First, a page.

Change management can not only help with the shift to a skills-based hiring policy but it also future-proofs your business. One of its key benefits is to build lasting institutional perseverance, which means you’ll have the ability to embrace and readily adapt to every major change initiative going forwards. It makes good sense as the workplace is increasingly having to respond to rapid changes. In other words, change management can open doors for organizational survival now and into the future.
5 Change Management Imperatives
Obviously, you want to make any organizational change as smooth and seamless as possible, so here are five change management imperatives for success.
1. Embrace Reality
For your changes to be successful, everyone involved needs to understand what changes are actually taking place. Research from Gartner shows that top-down change initiatives are much less effective than open-source approaches. By giving everyone a say in the changes that will affect them, the rate of change success jumps up to 58%, compared to just 34% for directive changes.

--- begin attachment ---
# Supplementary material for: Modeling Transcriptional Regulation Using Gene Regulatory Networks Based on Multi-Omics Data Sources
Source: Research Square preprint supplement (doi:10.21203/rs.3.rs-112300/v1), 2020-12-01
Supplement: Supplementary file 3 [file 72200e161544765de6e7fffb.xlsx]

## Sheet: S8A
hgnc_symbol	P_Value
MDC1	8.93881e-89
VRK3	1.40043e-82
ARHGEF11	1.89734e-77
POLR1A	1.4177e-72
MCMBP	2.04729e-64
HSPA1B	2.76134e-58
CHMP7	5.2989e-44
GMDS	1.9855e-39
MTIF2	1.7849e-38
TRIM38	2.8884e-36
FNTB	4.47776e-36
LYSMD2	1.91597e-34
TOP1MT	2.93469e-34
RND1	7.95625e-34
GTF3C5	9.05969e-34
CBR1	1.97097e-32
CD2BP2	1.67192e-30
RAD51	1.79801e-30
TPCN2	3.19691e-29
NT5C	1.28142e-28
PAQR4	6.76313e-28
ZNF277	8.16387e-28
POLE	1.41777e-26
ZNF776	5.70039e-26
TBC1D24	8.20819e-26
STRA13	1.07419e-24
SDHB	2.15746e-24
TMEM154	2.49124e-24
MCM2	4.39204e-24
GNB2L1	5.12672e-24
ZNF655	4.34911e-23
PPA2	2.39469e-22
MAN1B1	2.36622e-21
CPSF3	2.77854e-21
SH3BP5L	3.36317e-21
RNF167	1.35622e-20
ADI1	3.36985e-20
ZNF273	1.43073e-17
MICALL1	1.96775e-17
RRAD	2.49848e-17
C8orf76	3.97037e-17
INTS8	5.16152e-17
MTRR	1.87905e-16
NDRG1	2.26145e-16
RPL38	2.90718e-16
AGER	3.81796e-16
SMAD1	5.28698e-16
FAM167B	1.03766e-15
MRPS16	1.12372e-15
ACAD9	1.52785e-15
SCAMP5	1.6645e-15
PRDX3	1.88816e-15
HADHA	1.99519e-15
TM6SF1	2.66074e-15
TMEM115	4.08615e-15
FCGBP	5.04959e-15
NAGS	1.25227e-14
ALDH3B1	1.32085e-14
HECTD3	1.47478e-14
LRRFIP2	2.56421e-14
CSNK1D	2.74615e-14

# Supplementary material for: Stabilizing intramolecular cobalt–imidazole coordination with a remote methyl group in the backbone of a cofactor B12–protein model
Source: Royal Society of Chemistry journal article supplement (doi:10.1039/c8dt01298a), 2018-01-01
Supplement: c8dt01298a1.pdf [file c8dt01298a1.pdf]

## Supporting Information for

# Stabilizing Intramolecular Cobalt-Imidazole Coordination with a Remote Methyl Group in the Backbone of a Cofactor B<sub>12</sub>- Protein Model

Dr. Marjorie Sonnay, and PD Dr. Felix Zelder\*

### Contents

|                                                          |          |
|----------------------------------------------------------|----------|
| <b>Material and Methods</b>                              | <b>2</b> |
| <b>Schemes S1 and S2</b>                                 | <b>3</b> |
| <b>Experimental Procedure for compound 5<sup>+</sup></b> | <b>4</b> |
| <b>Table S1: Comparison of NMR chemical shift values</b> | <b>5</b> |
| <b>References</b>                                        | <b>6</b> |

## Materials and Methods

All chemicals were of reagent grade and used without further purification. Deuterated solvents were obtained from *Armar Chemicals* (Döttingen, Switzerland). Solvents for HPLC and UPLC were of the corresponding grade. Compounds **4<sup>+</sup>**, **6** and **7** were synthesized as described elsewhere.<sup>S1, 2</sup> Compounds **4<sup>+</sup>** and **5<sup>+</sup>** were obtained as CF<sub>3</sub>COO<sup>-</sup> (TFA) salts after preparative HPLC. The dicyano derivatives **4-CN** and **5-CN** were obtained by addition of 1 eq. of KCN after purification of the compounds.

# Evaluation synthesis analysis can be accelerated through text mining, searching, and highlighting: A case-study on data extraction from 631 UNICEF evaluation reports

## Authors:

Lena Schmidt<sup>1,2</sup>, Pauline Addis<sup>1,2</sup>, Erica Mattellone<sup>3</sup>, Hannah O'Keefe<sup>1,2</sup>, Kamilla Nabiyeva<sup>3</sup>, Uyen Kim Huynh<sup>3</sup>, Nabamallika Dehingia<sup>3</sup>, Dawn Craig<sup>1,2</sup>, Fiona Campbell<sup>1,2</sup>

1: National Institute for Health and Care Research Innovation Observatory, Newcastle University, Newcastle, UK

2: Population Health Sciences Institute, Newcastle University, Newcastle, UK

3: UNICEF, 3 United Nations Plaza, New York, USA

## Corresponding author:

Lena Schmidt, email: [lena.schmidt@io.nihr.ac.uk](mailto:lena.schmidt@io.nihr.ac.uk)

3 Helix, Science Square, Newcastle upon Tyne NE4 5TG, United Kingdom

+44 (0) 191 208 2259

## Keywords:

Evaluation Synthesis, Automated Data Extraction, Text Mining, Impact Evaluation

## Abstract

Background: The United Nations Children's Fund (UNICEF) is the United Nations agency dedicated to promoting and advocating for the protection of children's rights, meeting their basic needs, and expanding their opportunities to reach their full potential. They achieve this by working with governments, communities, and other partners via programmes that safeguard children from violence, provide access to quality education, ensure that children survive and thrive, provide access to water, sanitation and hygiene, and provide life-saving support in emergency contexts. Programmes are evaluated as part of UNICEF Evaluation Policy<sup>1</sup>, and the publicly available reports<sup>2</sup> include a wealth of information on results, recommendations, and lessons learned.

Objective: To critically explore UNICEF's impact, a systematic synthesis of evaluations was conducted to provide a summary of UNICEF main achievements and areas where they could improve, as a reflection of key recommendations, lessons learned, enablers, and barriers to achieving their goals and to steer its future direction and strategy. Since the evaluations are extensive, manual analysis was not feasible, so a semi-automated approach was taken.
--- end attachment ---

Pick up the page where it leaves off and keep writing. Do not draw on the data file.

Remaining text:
As a leader, it’s important to invest time in understanding the different perspectives and realities of individuals impacted by this change. You should make time to meet with employees, clients, suppliers, and partners regardless of your rank, title, or seniority. This process of “rolling up your sleeves” and “getting dirty” to make effective decisions based on the people around you will allow you to better see how the changes could affect everyone in the organization.
2. Prioritization and Alignment
In any company, there will always be lots of competing priorities. It’s up to leaders to decide what changes need to be made and in what order. That means you need to prioritize some changes over others because, if you don’t, your strategy runs the risk of failure due to conflicting priorities. Change leaders need to be able to decide what the most important steps are and how to get them done.